• Criss presented with Early Career Impact Award at Society for Mathematical Psychology Annual Meeting »
    At New York’s Syracuse University, cognitive scientist Amy H. Criss, PhD, predicts memory using computer programs similar to those used by meteorologists or market analysts. “It’s like weather forecasting,” she said of her computational models of memory. “You might be right, you might be wrong. You generate predictions of how people might behave, or how they might remember or forget things.” An associate professor of psychology, Criss studies normal memory and describes her work as a potential early step in understanding memory loss. “If we are to have any hope of helping people who have Alzheimer’s disease or other problems that affect memory, we first have to understand how basic memory works.” Criss is the 2015 FABBS Foundation Early Career Impact Award winner from the Society for Mathematical Psychology.
  • FABBS Foundation Honors Carol D. Lee »
    Carol D. Lee is the Edwina S. Tarry Professor of Education in the School of Education and Social Policy and in African-American Studies at Northwestern University in Evanston, Illinois, U.S.A. She has worked in the Learning Sciences Program at Northwestern from its inception, the first such program in the U.S. She received a B.A. in the Teaching of English from the University of Illinois, Champaign-Urbana in 1966, a Masters of Arts in English from the University of Chicago in 1969, and a Ph.D. in Education from the University of Chicago in 1991. Her career spans a 49 year history, including work as an English Language Arts teacher at the high school and community college levels, a primary grade teacher, and her current university professorship. She is a founder of four African centered schools and institutions that span a 46 year history, including three charter schools under the umbrella of the Betty Shabazz International Charter Schools (est. 1998) where she serves as chair of the Board of Directors.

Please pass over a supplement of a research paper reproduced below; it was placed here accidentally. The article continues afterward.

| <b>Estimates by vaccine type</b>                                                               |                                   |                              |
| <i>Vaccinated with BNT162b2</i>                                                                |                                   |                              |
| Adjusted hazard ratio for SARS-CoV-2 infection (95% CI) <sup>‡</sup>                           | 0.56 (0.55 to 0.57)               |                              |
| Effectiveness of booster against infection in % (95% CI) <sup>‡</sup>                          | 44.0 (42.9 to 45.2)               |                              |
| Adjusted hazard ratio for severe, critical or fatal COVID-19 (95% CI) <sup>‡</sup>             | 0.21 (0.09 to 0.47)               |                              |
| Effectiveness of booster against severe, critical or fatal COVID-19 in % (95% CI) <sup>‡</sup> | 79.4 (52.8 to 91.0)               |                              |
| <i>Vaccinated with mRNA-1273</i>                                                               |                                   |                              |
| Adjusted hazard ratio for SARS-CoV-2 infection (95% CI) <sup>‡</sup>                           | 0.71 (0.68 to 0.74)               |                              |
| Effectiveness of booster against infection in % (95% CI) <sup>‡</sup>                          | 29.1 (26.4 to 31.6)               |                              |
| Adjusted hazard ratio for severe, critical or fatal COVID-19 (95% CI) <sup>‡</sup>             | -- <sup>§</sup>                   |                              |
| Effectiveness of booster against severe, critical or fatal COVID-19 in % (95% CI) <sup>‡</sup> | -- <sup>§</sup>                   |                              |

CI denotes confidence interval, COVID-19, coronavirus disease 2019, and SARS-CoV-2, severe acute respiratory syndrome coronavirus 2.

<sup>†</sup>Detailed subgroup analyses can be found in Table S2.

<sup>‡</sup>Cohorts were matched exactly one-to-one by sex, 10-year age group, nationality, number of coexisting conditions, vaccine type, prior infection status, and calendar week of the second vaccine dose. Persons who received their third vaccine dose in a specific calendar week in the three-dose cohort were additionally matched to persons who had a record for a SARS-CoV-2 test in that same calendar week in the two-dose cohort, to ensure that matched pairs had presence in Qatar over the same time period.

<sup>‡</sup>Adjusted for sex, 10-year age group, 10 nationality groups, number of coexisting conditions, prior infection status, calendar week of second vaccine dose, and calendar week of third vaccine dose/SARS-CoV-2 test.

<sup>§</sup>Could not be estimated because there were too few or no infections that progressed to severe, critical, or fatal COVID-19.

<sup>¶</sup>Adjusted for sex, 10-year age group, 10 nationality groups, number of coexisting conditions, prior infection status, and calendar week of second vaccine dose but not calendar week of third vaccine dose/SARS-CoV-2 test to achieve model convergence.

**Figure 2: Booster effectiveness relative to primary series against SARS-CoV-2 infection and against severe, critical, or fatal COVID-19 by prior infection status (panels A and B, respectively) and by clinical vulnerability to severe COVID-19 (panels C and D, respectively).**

• FABBS Foundation Honors Philip Rubin »
    Dr. Philip Rubin, CEO emeritus and former Senior Scientist at Haskins Laboratories, is currently a Senior Advisor to the President of Haskins, an adjunct professor in the Department of Surgery at the Yale School of Medicine, a Research Affiliate in Psychology at Yale, and a Fellow at Yale’s Trumbull College.
  • NIH Riding High; Cuts, Cuts, and Cuts Elsewhere »